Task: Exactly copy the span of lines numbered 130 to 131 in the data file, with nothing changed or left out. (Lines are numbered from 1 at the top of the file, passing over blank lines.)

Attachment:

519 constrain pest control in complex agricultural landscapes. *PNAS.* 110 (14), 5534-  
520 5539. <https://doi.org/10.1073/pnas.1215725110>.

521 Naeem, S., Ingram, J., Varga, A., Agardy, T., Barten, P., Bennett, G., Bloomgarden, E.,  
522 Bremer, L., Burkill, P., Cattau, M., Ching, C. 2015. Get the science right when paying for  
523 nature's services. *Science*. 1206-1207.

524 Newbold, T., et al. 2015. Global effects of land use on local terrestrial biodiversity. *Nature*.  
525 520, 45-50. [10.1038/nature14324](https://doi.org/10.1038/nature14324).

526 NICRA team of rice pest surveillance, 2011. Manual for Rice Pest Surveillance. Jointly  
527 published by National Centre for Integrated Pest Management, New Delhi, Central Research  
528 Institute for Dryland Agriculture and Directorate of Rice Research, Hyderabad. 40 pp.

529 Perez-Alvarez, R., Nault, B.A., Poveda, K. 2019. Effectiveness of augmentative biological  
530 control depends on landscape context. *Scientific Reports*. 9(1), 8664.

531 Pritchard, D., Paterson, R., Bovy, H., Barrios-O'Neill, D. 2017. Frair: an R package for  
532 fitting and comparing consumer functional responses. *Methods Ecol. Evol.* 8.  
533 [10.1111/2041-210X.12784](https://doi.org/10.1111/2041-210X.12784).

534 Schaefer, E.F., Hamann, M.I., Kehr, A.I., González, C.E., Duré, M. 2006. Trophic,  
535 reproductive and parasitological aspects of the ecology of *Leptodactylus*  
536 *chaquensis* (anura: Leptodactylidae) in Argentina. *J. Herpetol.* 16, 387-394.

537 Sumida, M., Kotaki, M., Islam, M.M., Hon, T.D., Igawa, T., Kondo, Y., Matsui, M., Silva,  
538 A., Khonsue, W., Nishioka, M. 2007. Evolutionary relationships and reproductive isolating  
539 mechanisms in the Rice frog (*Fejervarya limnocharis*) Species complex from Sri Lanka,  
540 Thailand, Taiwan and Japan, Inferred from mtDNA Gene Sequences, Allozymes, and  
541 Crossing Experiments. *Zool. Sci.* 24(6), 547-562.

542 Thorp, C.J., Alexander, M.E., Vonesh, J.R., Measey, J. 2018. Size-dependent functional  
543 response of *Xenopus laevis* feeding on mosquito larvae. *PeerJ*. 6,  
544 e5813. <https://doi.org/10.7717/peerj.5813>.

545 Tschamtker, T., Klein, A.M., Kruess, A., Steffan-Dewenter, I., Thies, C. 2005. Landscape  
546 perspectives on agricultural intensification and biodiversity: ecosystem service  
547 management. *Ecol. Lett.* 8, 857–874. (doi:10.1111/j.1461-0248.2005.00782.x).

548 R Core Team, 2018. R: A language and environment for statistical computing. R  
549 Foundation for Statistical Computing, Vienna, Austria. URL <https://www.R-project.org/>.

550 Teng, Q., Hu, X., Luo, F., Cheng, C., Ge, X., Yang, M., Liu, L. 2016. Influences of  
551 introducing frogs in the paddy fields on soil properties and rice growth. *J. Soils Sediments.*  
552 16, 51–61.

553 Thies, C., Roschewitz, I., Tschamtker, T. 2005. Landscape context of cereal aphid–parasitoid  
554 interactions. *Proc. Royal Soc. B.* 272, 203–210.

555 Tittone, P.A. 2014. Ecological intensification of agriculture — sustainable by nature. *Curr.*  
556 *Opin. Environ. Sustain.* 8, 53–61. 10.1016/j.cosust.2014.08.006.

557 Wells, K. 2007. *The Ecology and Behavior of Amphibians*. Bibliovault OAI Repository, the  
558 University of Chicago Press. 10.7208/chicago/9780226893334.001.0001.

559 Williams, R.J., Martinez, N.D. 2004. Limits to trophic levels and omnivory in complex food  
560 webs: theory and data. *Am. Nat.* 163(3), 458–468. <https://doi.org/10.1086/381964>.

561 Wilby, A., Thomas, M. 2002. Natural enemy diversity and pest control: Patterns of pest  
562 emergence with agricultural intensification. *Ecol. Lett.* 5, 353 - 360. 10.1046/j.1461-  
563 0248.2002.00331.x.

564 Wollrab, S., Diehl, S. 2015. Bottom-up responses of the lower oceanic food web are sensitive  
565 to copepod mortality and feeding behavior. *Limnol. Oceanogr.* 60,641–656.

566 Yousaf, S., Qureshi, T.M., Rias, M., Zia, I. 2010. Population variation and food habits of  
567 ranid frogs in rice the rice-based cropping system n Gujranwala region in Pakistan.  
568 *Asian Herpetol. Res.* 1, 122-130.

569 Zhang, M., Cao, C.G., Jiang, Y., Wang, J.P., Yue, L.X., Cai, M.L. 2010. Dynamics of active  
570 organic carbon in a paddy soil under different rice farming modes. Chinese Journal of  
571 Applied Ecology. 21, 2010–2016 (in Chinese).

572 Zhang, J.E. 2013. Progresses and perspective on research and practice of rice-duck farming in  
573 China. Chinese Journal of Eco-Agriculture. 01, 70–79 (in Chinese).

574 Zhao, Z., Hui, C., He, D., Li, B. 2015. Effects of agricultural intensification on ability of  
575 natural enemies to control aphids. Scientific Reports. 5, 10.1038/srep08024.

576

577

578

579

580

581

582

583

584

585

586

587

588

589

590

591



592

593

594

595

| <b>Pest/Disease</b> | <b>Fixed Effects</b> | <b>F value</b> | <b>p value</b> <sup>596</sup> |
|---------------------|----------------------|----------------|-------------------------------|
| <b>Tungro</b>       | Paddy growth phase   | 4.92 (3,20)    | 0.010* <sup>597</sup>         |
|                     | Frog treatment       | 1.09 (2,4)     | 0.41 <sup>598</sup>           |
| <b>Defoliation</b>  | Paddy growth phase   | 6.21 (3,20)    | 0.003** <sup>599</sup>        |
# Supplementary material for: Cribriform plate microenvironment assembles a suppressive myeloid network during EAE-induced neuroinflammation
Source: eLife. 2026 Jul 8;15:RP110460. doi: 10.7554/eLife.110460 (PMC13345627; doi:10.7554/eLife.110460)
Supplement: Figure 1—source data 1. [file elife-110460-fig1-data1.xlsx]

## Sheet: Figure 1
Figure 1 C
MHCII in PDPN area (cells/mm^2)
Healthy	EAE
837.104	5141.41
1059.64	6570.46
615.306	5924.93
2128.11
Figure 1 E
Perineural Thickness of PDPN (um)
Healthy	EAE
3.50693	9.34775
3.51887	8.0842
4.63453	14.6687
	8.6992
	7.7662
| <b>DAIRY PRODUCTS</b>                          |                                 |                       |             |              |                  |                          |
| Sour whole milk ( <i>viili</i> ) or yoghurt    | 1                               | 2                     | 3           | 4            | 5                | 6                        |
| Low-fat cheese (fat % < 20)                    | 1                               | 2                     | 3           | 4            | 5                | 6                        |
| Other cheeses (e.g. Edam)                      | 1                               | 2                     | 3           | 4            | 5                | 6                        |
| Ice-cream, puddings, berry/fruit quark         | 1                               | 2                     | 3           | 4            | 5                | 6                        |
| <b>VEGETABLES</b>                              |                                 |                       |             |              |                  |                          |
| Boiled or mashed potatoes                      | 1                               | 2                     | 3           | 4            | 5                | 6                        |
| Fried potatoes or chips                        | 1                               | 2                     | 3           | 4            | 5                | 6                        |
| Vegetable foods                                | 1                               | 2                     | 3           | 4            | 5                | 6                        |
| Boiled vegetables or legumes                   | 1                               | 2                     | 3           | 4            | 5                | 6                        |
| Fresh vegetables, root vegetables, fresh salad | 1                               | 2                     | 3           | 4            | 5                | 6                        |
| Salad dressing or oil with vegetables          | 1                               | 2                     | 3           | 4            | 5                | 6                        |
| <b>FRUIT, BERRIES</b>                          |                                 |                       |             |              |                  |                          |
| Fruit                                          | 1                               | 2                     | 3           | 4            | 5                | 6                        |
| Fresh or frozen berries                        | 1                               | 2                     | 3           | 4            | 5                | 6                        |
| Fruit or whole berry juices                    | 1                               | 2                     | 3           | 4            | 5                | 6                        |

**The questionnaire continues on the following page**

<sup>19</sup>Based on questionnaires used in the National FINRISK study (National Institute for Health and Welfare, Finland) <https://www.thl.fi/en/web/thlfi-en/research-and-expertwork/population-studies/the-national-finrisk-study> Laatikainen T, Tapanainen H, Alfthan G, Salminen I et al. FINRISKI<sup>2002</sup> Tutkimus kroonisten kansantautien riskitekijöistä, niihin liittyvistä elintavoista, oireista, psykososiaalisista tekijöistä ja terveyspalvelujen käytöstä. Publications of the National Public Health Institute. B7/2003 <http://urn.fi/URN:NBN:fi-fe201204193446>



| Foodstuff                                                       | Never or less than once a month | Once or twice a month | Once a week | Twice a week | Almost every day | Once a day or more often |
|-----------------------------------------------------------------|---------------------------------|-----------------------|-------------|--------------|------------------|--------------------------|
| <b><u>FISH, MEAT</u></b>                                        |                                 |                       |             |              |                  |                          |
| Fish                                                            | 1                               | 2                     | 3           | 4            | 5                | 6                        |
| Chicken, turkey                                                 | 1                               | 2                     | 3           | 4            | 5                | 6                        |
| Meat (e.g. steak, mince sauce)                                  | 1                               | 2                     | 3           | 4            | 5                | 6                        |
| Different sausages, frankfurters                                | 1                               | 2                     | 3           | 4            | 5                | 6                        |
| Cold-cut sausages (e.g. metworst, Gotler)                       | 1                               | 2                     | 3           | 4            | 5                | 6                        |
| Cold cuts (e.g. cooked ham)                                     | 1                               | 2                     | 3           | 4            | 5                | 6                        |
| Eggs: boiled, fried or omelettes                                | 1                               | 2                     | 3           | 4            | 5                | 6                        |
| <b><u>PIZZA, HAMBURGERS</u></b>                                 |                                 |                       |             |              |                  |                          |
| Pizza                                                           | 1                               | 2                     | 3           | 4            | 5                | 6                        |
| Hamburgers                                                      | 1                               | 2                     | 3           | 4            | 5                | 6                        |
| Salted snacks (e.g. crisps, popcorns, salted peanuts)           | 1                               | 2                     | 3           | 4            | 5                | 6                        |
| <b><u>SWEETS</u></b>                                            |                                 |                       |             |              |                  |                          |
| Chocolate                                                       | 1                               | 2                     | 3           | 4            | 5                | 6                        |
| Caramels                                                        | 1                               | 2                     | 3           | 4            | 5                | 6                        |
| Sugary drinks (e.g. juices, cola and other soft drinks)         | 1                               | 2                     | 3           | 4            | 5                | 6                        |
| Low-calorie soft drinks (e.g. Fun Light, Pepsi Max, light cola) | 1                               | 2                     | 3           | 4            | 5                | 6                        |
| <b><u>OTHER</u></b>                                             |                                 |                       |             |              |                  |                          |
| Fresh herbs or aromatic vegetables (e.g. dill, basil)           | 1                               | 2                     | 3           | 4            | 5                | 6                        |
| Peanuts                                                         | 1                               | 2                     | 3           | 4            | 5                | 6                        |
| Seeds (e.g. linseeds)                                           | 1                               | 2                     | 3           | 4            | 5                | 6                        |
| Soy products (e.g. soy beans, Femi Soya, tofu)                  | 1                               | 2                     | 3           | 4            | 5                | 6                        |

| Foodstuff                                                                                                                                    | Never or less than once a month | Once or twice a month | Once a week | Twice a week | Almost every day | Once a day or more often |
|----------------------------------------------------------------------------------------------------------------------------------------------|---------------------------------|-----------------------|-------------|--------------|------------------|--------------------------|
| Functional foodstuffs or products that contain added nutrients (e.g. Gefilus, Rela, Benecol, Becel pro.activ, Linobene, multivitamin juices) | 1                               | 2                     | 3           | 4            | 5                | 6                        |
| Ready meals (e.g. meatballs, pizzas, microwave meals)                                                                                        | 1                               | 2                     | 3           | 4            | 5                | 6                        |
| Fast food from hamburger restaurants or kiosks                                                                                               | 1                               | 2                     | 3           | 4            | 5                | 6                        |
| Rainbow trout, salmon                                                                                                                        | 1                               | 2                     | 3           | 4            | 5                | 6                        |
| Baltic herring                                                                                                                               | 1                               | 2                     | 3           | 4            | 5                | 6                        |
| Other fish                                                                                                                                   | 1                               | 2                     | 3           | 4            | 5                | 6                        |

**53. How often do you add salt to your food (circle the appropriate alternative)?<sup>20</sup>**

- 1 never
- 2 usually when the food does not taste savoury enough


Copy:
| <b><u>PIZZA, HAMBURGERS</u></b>                                 |                                 |                       |             |              |                  |                          |
| Pizza                                                           | 1                               | 2                     | 3           | 4            | 5                | 6                        |